In 2006 the trial into the killing of Catholic priest Andrea Santoro in Trabzon closed after nine hearings, which took place between 15 May and 14 October 2006. Santoro’s 16 year old murderer was sentenced to 10 years and 5 months behind bars. A court of appeals later confirmed the verdict. Nobody investigated the question whether somebody else might have incited a 16 year old (and provided him with a weapon) to kill a priest of a church that had already been a target for ultranationalist groups before.
Further reading on Malatya:
Here are a few recommendations for those who want to know more about the case.
First, media which regularly cover the Malatya trial in English online:
How long does it take for the whole proud city of New York to be swallowed by nature?
In his magical “The World without us” (a good christmas present for friends, by the way) Alan Weisman makes a thought experiment: he imagines a world without human beings and asks what would happen, among other things, to the urban landscape of Manhattan. His conclusion is that “the time it would take nature to rid itself of what urbanity has wrought may be less than we might suspect.”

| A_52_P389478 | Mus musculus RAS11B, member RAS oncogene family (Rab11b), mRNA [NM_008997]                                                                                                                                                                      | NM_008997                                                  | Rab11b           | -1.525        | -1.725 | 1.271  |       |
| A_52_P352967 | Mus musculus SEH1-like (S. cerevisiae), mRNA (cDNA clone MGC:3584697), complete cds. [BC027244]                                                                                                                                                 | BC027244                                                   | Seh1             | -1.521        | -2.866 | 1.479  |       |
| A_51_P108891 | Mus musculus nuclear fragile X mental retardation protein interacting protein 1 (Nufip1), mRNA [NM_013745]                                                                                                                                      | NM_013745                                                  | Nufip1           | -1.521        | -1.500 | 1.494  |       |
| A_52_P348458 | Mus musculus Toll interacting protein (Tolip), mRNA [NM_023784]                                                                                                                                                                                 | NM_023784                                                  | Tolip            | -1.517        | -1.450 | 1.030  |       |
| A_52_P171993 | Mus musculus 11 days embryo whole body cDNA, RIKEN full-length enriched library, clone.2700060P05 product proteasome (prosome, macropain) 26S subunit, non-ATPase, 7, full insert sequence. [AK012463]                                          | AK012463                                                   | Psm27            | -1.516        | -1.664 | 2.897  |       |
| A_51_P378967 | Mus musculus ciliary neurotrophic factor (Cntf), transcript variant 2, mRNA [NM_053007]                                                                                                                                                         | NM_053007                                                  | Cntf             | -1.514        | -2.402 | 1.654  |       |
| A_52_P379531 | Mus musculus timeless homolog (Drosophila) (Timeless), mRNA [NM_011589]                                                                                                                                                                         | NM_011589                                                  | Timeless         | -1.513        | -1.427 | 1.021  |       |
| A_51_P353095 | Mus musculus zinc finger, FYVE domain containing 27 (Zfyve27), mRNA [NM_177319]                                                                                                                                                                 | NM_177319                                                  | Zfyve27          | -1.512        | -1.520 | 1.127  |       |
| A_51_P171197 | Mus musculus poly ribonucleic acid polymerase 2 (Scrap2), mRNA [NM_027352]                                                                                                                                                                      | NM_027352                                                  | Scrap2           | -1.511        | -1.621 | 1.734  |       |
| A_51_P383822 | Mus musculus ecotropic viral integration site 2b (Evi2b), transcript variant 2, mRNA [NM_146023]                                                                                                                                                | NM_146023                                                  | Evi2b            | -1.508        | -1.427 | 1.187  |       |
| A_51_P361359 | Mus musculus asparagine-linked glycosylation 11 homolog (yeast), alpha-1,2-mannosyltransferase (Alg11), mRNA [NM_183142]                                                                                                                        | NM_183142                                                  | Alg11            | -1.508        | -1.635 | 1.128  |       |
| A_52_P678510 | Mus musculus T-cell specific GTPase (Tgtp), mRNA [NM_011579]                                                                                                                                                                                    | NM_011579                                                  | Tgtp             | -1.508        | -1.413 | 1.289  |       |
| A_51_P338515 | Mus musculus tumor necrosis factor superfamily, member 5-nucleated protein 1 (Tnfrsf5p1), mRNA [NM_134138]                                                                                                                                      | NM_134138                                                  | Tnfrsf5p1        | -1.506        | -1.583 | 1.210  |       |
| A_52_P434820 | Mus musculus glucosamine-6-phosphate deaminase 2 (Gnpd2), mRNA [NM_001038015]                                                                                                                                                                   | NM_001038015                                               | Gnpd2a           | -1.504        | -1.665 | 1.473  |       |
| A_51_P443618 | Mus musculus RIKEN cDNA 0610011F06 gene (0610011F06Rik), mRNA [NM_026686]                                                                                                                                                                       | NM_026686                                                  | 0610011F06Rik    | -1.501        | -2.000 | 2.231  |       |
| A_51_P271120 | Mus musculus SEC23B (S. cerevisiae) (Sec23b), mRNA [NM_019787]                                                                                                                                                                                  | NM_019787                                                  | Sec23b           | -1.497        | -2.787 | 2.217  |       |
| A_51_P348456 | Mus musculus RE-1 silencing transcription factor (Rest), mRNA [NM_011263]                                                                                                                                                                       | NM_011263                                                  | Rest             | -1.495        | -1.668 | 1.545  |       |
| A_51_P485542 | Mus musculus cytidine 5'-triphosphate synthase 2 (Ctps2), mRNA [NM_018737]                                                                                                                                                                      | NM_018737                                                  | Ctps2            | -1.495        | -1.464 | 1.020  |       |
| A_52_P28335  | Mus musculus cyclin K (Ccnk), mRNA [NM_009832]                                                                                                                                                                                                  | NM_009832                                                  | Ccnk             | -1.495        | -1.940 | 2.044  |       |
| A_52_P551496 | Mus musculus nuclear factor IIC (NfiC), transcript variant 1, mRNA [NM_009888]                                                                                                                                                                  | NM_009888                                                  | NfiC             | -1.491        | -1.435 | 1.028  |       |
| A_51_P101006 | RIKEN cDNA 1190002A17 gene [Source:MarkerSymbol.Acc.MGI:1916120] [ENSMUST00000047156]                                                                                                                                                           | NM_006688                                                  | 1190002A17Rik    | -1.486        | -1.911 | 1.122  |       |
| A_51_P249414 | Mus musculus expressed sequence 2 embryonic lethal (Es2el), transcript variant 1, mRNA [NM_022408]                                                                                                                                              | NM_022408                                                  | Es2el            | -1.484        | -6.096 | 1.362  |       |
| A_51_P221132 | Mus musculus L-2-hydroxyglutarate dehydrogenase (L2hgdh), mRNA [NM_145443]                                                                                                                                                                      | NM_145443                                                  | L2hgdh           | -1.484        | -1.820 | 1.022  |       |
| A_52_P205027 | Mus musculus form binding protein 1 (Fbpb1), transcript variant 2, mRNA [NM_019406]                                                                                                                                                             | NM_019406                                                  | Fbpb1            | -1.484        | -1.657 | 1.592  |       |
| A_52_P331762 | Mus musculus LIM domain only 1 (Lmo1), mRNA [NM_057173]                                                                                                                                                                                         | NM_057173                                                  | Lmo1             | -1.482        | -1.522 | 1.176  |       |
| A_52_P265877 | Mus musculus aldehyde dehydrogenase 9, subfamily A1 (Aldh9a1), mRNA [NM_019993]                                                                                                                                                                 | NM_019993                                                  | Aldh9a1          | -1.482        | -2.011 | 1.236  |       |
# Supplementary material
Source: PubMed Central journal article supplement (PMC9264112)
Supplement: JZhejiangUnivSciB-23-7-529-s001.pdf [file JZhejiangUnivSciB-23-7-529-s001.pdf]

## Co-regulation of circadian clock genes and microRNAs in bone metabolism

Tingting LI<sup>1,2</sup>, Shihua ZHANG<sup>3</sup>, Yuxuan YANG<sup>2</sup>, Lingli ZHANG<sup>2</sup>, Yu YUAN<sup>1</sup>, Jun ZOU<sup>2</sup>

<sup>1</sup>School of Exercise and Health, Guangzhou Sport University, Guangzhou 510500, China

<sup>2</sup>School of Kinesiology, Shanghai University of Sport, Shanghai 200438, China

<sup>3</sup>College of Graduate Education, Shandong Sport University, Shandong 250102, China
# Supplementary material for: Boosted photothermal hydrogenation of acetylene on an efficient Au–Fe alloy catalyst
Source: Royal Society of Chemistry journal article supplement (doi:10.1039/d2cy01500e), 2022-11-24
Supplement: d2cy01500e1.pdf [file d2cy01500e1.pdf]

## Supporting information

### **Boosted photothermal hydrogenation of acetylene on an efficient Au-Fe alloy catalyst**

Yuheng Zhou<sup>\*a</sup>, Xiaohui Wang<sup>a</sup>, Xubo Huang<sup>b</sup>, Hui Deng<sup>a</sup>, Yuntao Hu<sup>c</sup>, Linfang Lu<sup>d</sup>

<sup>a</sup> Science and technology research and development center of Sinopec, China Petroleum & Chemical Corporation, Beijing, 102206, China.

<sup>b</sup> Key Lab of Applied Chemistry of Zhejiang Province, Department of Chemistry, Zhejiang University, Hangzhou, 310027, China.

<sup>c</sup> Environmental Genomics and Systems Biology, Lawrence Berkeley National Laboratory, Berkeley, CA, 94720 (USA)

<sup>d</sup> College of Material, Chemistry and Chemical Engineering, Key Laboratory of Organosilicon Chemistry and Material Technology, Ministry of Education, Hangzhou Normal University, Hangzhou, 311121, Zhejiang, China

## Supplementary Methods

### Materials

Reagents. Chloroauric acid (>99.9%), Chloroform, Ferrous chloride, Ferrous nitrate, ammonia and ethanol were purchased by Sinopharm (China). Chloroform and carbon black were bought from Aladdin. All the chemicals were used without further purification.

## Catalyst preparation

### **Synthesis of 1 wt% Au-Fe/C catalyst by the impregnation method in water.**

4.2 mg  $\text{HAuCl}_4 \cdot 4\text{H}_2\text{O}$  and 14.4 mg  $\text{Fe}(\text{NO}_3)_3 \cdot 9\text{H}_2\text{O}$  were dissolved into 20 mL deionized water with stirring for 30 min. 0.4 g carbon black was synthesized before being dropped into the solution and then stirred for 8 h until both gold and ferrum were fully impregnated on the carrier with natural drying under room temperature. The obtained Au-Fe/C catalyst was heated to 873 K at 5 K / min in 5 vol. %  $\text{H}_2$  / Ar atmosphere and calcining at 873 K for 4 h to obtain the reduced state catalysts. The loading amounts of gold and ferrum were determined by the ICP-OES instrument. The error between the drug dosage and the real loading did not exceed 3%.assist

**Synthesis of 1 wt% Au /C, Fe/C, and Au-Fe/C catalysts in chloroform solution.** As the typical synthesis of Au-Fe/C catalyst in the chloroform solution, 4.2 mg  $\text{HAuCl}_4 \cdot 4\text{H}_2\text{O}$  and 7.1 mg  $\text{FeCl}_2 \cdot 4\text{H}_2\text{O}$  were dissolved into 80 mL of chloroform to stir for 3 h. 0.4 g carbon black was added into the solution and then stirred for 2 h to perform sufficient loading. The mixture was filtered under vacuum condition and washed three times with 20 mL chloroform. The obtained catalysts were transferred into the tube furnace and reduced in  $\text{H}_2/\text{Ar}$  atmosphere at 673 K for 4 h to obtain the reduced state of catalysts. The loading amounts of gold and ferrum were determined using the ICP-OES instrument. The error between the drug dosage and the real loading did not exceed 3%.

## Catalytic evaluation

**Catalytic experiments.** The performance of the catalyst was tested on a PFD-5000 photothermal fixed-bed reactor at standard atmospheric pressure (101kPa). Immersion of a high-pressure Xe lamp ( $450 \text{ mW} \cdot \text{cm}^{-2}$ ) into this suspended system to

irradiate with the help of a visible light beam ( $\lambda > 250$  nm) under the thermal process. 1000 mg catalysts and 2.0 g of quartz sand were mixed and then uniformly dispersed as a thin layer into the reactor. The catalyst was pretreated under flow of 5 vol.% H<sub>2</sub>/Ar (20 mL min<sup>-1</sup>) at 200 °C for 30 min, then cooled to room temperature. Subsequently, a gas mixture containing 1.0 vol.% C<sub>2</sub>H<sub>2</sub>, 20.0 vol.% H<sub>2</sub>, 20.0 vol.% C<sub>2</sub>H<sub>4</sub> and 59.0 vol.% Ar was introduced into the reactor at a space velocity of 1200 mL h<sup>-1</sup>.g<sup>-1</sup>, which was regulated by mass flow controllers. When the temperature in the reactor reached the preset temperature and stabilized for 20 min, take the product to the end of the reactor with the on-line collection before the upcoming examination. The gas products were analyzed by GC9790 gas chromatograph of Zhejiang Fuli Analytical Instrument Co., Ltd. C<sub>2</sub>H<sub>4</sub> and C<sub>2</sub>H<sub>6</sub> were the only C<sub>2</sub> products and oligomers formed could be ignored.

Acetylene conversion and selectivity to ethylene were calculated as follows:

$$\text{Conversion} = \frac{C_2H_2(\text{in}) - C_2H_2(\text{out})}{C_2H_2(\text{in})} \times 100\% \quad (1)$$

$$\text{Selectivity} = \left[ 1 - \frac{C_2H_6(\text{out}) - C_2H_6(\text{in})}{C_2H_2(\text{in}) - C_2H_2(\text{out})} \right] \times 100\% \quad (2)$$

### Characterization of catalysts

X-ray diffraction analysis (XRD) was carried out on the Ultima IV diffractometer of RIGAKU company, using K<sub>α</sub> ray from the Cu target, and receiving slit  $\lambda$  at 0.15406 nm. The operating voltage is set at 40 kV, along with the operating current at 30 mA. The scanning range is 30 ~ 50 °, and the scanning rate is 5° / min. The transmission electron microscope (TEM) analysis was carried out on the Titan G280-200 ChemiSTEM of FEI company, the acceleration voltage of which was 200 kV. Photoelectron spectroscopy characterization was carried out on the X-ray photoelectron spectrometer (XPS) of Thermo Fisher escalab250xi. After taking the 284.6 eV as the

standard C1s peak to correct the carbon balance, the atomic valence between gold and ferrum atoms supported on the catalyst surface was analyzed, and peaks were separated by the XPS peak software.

Without the pumps being maintained, which every day keep 13 million gallons (49 million liters) of water from overflowing the subway tunnels these tunnels would quickly fill up: within half an hour water would reach a level where trains can no longer pass. Within 36 hours the tunnels would fill up completely. Within 20 years the steel columns which support the street above the train-lines would buckle. By then the city would be well on its way to revert to a forest (click here for his slideshow):
“In the first few years with no heat, pipes burst all over town, the freeze-thaw cycle moves indoors, and things start to seriously deteriorate. Buildings groan as their innards expand and contract; joints between walls and rooflines separate. Where they do, rain leaks in, bolts rust, and facing pops off, exposing insulation. If the city hasn’t burned yet, it will now … Within two decades, lightning rods have begun to rust and snap, and roof fires leap among buildings, entering panneled offices filled with paper fuel … Red-tailed hawks and peregrine falcons nest in increasingly skeletal high-rise structures.”
There are a number of serious points in this tale.